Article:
Noninvasive ventilation (NIV) therapy during the COVID-19 pandemic has been recommended for mild-to-moderate acute hypoxemic respiratory failure and has shown a favorable result in lowering the mortality and the incidence of intubation in such subsets of patients. Spontaneous pneumothorax, although rare, is reported to occur in 1% of the cases of COVID-19 patients. Incidence of barotrauma due to invasive ventilation in these patients can be as high as 15%.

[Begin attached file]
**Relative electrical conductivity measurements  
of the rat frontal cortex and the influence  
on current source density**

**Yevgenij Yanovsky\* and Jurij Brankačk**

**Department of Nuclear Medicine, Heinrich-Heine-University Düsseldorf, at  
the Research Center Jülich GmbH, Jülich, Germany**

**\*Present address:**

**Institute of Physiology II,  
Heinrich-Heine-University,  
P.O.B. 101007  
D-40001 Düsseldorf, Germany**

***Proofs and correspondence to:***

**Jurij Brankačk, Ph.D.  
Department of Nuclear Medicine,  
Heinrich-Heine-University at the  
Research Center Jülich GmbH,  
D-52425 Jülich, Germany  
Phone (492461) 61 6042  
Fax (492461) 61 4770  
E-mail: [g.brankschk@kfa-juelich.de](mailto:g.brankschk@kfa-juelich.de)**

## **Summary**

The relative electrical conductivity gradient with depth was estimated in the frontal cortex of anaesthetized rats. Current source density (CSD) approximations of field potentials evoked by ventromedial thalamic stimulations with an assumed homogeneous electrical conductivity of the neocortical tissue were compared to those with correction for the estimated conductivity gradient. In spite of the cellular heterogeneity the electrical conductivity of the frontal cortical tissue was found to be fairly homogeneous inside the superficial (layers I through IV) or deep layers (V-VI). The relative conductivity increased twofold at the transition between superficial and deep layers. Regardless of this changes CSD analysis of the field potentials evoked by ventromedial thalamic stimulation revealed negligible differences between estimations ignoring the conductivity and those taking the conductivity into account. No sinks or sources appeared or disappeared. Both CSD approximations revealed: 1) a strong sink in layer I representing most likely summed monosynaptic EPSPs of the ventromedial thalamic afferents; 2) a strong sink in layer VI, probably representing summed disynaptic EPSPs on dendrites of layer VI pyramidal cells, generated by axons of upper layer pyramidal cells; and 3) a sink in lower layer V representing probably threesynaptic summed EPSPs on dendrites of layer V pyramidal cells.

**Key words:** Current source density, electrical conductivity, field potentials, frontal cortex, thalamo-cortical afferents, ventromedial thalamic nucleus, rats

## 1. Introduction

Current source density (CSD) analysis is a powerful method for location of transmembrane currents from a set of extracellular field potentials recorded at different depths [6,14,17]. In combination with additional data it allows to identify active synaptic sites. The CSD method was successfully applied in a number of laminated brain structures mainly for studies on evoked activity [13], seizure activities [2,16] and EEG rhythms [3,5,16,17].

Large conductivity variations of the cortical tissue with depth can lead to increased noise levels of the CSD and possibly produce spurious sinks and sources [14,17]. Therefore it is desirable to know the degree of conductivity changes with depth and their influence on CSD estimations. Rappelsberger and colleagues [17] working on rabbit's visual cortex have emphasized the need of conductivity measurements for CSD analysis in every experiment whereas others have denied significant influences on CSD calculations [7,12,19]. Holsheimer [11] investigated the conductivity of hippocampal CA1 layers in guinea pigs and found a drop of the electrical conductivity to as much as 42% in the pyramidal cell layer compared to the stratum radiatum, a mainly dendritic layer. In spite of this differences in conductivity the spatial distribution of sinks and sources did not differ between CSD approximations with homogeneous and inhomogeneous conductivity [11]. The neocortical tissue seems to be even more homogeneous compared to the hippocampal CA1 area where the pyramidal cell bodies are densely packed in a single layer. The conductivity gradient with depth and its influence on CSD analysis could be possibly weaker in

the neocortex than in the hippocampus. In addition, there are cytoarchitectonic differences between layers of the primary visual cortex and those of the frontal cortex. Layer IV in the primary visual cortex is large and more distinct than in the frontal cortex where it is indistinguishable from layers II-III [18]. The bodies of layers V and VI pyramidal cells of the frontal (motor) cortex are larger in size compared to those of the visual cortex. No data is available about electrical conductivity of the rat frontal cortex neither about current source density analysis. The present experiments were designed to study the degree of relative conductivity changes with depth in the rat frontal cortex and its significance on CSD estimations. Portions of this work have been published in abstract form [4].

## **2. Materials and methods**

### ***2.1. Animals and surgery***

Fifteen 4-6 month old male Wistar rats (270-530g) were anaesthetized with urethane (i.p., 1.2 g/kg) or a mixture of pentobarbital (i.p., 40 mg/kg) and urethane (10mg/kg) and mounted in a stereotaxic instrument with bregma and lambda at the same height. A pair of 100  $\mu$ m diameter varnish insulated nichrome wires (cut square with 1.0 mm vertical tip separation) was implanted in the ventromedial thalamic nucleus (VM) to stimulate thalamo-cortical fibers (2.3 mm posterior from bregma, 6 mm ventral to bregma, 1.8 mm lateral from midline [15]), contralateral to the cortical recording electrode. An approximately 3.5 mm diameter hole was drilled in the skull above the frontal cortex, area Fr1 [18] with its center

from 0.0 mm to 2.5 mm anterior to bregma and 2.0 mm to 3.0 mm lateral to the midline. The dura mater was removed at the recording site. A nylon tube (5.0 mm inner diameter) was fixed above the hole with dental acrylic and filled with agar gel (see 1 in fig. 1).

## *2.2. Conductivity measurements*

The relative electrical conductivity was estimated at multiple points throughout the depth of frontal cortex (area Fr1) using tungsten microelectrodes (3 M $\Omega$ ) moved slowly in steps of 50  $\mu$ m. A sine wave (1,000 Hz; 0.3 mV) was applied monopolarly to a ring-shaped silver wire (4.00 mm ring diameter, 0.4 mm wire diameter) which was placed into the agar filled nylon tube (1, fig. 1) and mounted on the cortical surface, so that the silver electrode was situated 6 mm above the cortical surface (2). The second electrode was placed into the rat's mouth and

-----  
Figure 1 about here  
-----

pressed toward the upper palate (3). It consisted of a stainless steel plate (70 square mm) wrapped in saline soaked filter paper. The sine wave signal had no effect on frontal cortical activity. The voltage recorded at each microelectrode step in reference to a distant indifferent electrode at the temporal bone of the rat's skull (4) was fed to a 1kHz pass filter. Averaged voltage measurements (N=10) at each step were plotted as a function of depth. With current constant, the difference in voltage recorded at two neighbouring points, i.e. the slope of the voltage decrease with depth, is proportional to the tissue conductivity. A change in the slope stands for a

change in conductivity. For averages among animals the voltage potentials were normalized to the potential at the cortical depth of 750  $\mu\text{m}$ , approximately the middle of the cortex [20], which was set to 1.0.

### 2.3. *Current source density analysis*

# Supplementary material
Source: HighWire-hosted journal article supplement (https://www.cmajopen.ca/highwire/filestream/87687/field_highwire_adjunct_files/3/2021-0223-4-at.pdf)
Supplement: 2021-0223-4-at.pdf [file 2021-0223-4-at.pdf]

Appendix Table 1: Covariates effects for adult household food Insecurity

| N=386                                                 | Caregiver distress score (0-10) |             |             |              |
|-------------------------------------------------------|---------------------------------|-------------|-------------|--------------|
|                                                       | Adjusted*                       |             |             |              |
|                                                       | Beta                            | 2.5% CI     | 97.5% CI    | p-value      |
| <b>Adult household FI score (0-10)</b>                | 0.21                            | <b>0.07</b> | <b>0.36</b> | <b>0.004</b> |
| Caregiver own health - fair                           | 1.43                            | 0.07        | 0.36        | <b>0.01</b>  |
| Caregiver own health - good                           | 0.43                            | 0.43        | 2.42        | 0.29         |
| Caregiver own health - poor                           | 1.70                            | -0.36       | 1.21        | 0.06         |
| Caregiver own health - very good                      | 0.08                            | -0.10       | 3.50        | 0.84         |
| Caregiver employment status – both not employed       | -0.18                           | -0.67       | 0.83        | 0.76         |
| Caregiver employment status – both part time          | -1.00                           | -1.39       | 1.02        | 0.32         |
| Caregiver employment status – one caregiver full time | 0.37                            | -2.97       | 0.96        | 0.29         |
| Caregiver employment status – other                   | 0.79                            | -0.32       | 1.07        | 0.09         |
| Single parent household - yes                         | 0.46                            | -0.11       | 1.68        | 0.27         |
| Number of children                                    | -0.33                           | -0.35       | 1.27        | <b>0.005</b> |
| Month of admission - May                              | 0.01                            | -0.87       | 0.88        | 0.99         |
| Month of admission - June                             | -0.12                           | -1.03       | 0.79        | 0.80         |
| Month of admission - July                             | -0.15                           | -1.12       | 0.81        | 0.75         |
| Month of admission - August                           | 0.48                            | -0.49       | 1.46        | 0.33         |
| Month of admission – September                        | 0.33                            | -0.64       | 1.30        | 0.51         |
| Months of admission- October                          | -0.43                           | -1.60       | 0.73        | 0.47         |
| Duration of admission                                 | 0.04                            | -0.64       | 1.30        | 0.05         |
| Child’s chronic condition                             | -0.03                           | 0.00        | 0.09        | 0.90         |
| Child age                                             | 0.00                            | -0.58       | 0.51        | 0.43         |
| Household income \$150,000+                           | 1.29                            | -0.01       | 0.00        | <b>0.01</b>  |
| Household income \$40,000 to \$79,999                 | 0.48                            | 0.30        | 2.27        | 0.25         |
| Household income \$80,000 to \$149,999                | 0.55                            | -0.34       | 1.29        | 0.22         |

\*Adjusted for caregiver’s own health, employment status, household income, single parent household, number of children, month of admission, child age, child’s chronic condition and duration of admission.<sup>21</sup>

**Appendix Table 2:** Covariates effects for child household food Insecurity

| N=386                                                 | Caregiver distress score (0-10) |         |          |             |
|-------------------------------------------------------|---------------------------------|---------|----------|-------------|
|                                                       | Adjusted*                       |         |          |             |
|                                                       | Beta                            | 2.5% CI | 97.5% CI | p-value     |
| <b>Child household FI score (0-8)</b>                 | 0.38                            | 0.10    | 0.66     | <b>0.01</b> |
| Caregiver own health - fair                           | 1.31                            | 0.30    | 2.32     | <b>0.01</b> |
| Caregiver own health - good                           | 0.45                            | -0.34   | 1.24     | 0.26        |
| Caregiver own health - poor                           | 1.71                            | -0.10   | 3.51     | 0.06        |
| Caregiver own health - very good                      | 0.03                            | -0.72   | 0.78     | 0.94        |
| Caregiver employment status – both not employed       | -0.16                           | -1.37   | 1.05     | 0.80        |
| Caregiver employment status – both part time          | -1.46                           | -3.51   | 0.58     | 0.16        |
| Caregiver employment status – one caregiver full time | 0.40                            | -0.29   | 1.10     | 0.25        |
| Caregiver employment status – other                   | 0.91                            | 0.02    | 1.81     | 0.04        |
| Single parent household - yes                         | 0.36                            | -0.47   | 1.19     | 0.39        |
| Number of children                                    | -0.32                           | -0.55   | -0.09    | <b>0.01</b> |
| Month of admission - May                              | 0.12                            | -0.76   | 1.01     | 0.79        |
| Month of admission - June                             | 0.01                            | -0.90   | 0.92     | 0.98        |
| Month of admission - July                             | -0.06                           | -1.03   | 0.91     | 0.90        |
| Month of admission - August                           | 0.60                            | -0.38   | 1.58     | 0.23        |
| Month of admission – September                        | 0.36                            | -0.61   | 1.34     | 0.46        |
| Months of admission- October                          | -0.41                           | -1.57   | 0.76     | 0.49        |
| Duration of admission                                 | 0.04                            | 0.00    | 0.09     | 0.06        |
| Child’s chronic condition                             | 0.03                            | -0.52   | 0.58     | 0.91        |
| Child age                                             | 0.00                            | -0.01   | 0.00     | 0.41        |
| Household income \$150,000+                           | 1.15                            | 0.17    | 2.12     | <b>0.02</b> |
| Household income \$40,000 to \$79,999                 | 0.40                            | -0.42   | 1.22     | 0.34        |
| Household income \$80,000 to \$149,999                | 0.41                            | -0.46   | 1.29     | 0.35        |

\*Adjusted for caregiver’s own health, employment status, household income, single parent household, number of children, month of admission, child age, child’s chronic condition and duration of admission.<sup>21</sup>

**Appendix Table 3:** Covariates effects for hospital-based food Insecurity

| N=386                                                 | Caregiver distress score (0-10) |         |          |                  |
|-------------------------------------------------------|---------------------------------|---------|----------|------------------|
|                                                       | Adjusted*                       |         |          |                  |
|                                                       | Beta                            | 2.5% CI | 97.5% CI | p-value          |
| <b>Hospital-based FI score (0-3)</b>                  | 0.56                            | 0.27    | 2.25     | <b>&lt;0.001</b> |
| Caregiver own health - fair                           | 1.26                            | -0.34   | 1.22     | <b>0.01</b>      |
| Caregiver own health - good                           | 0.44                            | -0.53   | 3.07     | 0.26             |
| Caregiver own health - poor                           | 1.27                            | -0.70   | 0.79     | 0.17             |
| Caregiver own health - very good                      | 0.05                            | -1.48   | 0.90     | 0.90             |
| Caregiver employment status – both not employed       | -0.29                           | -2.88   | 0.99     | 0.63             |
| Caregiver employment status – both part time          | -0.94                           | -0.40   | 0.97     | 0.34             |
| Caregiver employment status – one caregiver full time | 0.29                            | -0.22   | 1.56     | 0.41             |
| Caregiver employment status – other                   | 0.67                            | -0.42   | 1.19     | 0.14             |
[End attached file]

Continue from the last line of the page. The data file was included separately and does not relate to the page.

We present a 65-year-old COVID-positive woman weighing 54 kg, a nonsmoker with no comorbidity. She developed unilateral, right pneumothorax while being treated for acute hypoxemic respiratory failure by NIV with a face mask for the past 5 days. The therapy was bridged alternatively with high-flow nasal oxygen therapy (AIRVO 2 Fischer and Paykel). The patient, while on NIV therapy, was on a pressure support of 6 cm of H2O with positive end-expiratory pressure of 8 cm of H2O and was maintaining oxygen saturation above 95% with respiratory rate of 26/min. All of a sudden, the patient became breathless with the oxygen saturation started to drop between 84% and 85%, and she started to pull off her NIV mask from her face. The patient was reassured, and NIV was stopped and was put on high-flow nasal oxygen therapy (AIRVO 2 Fischer and Paykel) with a flow rate of 45 L/min, FiO2 of 0.9, and temperature of 34°C. The patient felt comfortable, with oxygen saturation maintained between 92% and 94%. At this juncture, point-of-care lung ultrasound was done using a linear array probe (7–13 MHZ Sonosite, M-TURBO, FUJIFILM, India). It revealed the absence of the sliding sign over the right chest wall with evidence of “Bar Code Sign” on M Mode [Figure 1], indicating toward the right-sided pneumothorax, which was also confirmed by the portable bedside X-ray chest [Figure 2]. Immediate action was taken, and under strict asepsis, tube thoracostomy was done with 14 Fr chest tube on the right side, with the egress of air, it was connected to the water seal drainage.